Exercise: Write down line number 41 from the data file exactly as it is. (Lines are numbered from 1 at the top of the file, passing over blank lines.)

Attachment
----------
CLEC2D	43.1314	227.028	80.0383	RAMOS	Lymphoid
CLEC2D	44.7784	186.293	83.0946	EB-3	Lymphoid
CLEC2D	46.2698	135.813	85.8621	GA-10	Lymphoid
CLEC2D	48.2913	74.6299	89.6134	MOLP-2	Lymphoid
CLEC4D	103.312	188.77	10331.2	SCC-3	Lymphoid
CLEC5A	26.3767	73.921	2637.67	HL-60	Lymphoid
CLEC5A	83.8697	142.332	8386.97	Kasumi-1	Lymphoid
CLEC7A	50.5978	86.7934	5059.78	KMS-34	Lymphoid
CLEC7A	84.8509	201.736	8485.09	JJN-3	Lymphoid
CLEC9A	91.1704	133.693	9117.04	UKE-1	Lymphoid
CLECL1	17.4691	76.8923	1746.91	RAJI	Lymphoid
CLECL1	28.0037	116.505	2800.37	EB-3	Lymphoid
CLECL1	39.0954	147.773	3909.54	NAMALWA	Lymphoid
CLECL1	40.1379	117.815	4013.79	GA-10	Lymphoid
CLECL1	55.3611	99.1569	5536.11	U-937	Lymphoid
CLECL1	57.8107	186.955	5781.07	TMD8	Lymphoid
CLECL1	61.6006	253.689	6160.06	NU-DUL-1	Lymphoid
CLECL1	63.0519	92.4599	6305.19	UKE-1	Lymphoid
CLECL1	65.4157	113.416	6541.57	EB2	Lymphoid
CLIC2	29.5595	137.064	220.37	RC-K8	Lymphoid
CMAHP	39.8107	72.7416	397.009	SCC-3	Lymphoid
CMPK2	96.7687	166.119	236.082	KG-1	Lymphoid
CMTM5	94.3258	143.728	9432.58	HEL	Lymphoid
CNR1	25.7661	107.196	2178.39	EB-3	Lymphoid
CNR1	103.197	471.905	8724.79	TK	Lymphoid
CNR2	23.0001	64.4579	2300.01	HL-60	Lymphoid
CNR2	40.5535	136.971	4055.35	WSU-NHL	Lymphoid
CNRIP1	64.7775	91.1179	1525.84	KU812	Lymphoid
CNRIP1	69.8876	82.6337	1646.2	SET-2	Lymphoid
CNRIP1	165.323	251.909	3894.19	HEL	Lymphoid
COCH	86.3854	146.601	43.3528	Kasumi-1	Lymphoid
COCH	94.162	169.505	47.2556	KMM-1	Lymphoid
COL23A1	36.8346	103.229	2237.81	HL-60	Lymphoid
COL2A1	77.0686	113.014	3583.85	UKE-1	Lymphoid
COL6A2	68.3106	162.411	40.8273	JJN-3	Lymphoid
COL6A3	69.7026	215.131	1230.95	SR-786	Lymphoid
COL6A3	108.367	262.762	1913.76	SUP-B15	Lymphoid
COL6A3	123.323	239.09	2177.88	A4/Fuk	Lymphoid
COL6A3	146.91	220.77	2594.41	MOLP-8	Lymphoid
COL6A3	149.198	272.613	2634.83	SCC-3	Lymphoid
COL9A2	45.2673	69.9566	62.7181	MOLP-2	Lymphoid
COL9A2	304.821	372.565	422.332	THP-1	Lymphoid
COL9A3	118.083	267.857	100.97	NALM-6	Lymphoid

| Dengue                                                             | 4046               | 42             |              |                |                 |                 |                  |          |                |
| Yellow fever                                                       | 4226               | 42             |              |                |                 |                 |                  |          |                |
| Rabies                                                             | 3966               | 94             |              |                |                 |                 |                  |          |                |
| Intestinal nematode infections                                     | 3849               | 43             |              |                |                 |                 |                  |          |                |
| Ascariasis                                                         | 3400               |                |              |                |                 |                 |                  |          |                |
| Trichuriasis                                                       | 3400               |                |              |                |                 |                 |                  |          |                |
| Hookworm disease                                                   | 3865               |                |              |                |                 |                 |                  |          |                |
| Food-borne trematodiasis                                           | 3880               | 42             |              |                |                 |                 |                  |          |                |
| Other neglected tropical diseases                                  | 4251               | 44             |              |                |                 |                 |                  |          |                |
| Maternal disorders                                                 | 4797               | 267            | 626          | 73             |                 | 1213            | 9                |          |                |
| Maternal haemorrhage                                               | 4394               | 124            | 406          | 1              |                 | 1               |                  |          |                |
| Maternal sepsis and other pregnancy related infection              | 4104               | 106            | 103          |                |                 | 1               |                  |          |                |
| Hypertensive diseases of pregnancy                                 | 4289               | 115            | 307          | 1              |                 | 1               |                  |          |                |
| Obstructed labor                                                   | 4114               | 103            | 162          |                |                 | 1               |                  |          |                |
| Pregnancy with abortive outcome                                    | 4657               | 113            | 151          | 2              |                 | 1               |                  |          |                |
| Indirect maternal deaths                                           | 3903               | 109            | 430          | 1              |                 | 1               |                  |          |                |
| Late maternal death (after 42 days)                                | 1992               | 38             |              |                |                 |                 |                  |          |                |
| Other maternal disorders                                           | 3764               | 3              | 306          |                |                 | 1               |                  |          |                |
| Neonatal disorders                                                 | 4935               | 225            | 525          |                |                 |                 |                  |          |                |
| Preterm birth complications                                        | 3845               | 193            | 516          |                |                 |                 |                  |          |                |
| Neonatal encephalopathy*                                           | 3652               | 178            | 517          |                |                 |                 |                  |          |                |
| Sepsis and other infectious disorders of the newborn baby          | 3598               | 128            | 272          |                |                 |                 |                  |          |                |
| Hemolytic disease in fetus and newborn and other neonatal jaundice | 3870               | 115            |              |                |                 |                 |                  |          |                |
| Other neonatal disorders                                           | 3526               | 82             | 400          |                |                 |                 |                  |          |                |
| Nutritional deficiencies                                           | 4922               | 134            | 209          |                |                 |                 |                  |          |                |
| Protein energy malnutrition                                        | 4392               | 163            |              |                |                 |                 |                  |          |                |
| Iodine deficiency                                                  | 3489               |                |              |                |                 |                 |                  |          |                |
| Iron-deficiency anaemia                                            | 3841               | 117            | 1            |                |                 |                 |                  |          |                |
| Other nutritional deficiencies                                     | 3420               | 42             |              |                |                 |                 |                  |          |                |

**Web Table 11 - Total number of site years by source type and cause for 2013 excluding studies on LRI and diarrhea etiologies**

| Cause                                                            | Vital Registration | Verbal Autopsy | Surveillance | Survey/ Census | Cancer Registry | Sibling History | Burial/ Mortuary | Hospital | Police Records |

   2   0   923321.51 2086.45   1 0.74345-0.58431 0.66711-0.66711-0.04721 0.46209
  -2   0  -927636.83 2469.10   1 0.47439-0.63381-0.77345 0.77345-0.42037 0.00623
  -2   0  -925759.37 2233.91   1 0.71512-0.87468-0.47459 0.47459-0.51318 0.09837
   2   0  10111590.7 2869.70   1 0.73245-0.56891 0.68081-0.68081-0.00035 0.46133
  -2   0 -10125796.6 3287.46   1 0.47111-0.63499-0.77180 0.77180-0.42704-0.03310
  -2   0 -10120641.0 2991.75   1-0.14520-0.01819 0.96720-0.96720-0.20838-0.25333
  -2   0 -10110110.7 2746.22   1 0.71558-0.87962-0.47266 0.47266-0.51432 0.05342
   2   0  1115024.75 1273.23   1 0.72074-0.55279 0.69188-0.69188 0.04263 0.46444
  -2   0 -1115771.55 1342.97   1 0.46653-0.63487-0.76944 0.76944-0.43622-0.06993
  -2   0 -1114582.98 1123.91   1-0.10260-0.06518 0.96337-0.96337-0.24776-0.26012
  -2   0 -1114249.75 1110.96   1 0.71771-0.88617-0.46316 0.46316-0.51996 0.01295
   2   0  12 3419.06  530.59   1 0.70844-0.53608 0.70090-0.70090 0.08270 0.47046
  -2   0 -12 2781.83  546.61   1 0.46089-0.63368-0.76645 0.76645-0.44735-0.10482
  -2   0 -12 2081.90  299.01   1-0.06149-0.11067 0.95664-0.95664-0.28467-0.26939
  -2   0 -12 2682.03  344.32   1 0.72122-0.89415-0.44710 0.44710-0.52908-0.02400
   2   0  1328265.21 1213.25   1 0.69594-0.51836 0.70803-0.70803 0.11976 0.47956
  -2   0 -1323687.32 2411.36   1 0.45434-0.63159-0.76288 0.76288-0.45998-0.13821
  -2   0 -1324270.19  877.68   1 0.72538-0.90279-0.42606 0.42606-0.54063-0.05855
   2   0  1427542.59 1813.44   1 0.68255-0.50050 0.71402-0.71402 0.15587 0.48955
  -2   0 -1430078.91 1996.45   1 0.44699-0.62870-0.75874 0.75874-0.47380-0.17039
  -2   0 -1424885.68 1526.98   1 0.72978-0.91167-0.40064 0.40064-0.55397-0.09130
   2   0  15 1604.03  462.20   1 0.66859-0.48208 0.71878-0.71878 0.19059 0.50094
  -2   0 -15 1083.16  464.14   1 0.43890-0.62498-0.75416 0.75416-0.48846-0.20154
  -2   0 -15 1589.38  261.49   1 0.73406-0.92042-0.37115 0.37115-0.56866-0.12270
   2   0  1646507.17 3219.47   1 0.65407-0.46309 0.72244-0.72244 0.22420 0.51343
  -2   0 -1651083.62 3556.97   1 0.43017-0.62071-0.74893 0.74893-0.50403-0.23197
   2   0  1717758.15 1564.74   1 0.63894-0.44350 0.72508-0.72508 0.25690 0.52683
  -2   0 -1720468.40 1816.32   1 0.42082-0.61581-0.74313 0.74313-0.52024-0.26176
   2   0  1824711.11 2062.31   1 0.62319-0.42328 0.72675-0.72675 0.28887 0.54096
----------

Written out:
COL9A2	45.2673	69.9566	62.7181	MOLP-2	Lymphoid